Monday, October 17, 2005

AND ANOTHER ONE BITES THE DUST...

Initiative, that is...

Measure 37, Oregon's latest attempt to deal with the just compensation issue over land use and regulations was struck down Friday by the Circuit Court for Oregon in Marion County. OrbusMax http://www.orbusmax.com/ carries the ongoing story, and the ruling:

http://www.landusewatch.com/m37opinion.pdf

Over at NW Republican, this is just a land grab...

http://nwrepublican.blogspot.com/2005/10/measure-37-reduces-property-values.html

Dang those greedy people who stand in the way of paving paradise... There are profits to be made out there! Trees to fell! Houses to be built! Freeways! WalMarts!

Seriously, this is a good example of how not to write an initiative. M-37 was struck down on five separate grounds.

Watching from the middle of the road, the larger issue presented is proof that "fair" is where you go to look at roosters and bunnies. There is no fairness in land use. "Land use" is by it's nature an issue where some people's rights, percieved or codified, are suborned to the larger interest. Land is a finite good, a zero-sum situation. Everyone can't be a winner.

Owner "A" bought his land years ago, hoping to subdivide someday and retire on the proceeds. Owner "B" bought the ajacent property because he didn't want a subdivision for a neighbor. Owner "C" of the next parcel wanted a tree farm. Now she's sick, and the only out is clearcutting.

If "A" subdivides, "B's" quality of life is ruined. If "A" doesn't, he's stuck with ??? And if "C" clearcuts, the area will be degraded for ten years.

And what about the people who would have been delighted to live in that subdivision?

Make your own story. It's real, somewhere. One man's dream destroying another's.

Man is mortal and rights belong to men. Land is forever. Land rights are therefore transitory. It is unrealistic to "freeze" land rights at an arbitray point in time because such rights then vanish with the generations. Yet it is equally unrealistic to expect the State to either forego regulations, and the protections they afford, or pay each landowner from the State's coffers for every lost profit or diminished value.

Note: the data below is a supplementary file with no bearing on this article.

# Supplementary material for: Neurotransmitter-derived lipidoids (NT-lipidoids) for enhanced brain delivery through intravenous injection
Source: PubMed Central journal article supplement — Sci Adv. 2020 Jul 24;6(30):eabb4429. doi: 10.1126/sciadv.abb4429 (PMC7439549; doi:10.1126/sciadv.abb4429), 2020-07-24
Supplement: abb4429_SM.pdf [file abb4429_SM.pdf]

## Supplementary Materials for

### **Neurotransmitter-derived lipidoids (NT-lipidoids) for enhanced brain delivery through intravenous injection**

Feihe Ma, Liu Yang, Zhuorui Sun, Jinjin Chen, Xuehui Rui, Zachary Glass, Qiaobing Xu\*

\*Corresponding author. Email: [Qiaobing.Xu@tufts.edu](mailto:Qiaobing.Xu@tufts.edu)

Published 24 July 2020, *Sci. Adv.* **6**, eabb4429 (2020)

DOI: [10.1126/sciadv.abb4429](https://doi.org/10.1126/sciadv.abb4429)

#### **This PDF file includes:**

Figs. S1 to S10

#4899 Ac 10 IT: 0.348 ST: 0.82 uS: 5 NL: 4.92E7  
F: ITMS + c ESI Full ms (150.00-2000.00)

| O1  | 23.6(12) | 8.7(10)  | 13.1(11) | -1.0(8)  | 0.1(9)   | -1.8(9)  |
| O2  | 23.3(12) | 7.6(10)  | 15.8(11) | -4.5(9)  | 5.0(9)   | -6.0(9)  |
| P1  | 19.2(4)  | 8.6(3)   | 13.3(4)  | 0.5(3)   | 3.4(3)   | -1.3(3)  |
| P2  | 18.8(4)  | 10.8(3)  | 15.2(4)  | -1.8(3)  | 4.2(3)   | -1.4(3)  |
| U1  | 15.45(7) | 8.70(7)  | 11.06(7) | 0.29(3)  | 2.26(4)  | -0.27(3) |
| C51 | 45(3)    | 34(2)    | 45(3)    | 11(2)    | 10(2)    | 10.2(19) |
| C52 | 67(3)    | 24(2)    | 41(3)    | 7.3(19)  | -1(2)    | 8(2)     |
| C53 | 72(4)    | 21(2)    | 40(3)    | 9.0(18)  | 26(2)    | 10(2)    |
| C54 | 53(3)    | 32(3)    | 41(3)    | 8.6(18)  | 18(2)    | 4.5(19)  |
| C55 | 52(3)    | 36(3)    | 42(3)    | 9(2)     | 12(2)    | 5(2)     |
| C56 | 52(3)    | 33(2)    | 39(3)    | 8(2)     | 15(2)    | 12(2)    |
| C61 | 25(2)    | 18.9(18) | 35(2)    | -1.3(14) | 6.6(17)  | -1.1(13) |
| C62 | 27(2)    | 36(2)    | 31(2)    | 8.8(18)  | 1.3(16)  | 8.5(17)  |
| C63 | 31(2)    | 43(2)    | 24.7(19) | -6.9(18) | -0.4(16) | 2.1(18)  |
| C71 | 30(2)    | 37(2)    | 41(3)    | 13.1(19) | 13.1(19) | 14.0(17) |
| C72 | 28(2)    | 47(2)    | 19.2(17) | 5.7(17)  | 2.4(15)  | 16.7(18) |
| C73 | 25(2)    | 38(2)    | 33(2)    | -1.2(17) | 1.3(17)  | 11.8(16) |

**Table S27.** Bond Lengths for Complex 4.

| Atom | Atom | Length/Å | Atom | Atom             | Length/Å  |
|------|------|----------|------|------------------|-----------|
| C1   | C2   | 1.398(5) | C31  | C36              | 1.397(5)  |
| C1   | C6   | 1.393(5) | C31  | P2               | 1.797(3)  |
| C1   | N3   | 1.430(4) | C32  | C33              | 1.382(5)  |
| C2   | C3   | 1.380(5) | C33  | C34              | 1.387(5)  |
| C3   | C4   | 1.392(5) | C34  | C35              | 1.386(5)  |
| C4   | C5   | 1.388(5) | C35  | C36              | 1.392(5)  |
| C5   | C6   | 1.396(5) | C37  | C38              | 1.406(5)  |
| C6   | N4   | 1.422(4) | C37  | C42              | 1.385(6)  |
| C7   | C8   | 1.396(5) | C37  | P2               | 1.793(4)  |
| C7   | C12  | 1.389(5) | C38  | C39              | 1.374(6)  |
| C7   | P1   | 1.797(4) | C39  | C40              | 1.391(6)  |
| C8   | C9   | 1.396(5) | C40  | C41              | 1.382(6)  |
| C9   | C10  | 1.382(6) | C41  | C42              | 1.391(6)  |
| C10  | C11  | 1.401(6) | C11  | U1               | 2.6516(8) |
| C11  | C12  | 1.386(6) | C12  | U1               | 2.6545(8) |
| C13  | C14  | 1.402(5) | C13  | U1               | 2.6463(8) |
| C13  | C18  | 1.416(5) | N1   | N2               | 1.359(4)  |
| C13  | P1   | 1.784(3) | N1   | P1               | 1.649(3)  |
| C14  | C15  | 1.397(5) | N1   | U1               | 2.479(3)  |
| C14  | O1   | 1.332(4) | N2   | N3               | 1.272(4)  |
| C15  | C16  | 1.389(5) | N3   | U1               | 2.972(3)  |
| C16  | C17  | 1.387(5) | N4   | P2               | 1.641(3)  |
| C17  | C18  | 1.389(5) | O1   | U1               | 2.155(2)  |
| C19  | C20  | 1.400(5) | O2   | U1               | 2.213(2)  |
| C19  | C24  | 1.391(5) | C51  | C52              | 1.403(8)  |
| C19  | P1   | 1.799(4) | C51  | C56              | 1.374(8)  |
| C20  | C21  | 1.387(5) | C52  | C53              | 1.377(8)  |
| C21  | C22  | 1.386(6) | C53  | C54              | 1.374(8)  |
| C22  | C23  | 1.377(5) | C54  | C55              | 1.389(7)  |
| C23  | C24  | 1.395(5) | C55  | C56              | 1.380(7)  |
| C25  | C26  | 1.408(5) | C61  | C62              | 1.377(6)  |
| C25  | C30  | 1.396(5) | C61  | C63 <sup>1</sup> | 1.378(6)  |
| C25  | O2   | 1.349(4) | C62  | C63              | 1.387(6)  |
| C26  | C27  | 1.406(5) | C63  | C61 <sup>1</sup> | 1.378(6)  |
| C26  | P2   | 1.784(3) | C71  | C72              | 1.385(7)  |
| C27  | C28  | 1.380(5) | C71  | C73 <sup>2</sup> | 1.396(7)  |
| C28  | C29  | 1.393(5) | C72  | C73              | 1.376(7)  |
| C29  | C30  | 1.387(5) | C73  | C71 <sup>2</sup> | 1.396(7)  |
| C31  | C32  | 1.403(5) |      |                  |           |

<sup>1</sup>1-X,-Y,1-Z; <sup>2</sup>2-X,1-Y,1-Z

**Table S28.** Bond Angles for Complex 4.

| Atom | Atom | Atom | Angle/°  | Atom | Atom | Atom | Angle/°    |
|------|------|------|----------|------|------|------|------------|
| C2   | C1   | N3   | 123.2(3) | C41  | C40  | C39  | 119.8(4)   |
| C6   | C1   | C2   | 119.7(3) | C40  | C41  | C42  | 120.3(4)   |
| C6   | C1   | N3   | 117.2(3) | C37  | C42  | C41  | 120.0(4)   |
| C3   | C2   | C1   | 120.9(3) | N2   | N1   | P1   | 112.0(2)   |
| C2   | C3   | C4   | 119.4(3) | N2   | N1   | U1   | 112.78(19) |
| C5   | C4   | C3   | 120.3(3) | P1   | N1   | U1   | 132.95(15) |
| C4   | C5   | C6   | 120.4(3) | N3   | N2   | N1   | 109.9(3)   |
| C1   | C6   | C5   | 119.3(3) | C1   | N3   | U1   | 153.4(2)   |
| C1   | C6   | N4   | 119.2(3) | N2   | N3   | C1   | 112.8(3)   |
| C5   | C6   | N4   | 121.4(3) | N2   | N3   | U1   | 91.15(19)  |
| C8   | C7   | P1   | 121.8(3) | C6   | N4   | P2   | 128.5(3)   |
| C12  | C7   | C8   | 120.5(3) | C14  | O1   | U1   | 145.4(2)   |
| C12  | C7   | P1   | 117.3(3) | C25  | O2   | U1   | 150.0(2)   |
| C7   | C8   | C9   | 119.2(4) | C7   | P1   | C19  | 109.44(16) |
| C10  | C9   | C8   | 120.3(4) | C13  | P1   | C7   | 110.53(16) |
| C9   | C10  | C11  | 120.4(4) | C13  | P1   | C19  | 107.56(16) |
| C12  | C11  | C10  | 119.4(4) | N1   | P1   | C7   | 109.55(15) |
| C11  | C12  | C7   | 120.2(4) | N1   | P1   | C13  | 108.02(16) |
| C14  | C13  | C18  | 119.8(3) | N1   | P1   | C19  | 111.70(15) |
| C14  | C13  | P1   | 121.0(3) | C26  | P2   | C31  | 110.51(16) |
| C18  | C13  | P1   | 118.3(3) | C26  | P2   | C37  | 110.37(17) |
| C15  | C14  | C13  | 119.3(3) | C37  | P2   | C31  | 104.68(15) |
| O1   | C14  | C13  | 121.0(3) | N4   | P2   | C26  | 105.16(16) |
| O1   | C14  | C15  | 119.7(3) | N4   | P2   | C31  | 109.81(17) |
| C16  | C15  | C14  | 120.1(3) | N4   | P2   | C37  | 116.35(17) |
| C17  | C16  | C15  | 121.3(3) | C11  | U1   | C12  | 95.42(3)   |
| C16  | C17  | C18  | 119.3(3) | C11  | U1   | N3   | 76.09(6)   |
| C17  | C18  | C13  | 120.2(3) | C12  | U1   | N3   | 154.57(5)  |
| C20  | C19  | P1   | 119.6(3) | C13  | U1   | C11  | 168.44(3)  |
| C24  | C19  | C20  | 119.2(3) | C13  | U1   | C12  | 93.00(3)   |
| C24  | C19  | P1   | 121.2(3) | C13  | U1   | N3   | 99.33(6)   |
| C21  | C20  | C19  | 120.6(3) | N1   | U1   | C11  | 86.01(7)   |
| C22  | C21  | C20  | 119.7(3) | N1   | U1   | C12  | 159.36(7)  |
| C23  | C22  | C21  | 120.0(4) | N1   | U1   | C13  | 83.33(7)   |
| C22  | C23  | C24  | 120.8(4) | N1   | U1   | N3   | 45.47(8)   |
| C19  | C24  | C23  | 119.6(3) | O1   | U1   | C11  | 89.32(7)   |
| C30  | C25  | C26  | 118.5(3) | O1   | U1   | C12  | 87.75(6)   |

Every lost dream...

Still, Americans want the laws of their land to be fair. So people sign onto ideas like M-37, hoping against all experience, that this is at last the way out.

Oh well. Issues like this used to be settled with Winchesters, so I suppose this is progress.

Comments:
Actually, it comes down to a simple principle: Either the Individual owns property, or the State does. If the Individual owns property, then they are due compensation, when their use of that property is impacted by state action. If the State owns the property, then we are all just tenants, and no better than Serfs, at the mercy of Bureaucrats and Special Interests.
Property ownership is one of the basic foundations of our economic system, and a good part of the reason for its success.
 
Thank you, aurelius, for your participation in my page.

If only it were that simple. If only "property" really started and stopped at the property line.

Here is the reality. Example:

Odds are if you own property, your ownership stops at the dirt. You probably don't "own" water, you probably don't "own" minerals. If this was oil country, odds are one of your neighbors would own the drilling rights, and you would be tresspassing if you drilled.

The list goes on. Covenants, ancillary rights, taxing districts. Do you "own" your land? Yes and no. As I noted above, we no longer usually settle property disputes with winchesters, although it happens. The reason winchesters are less common as tools of dispute is because government has interceeded, arrogating some of those "rights" in order to facilitate the greater good. So it isn't strictly true that "Property ownership is one of the basic foundations of our economic system, and a good part of the reason for its success." Ownership is part of it, but the legal system that makes ownership "real" is at least as significant. Legally enforced compromises, curbs on use, preserve every stakeholder's value.

And as a person who has been chased off his own development in progress by armed neighbors, I can appreciate the compromises.

So what it really comes down to is density and affluence. More people means more varied uses, and more opportunity for dispute. Bigger, more affluent communities make a bigger "footprint" on their surrounds. At some point, the individual, willing or no, has to give.
 
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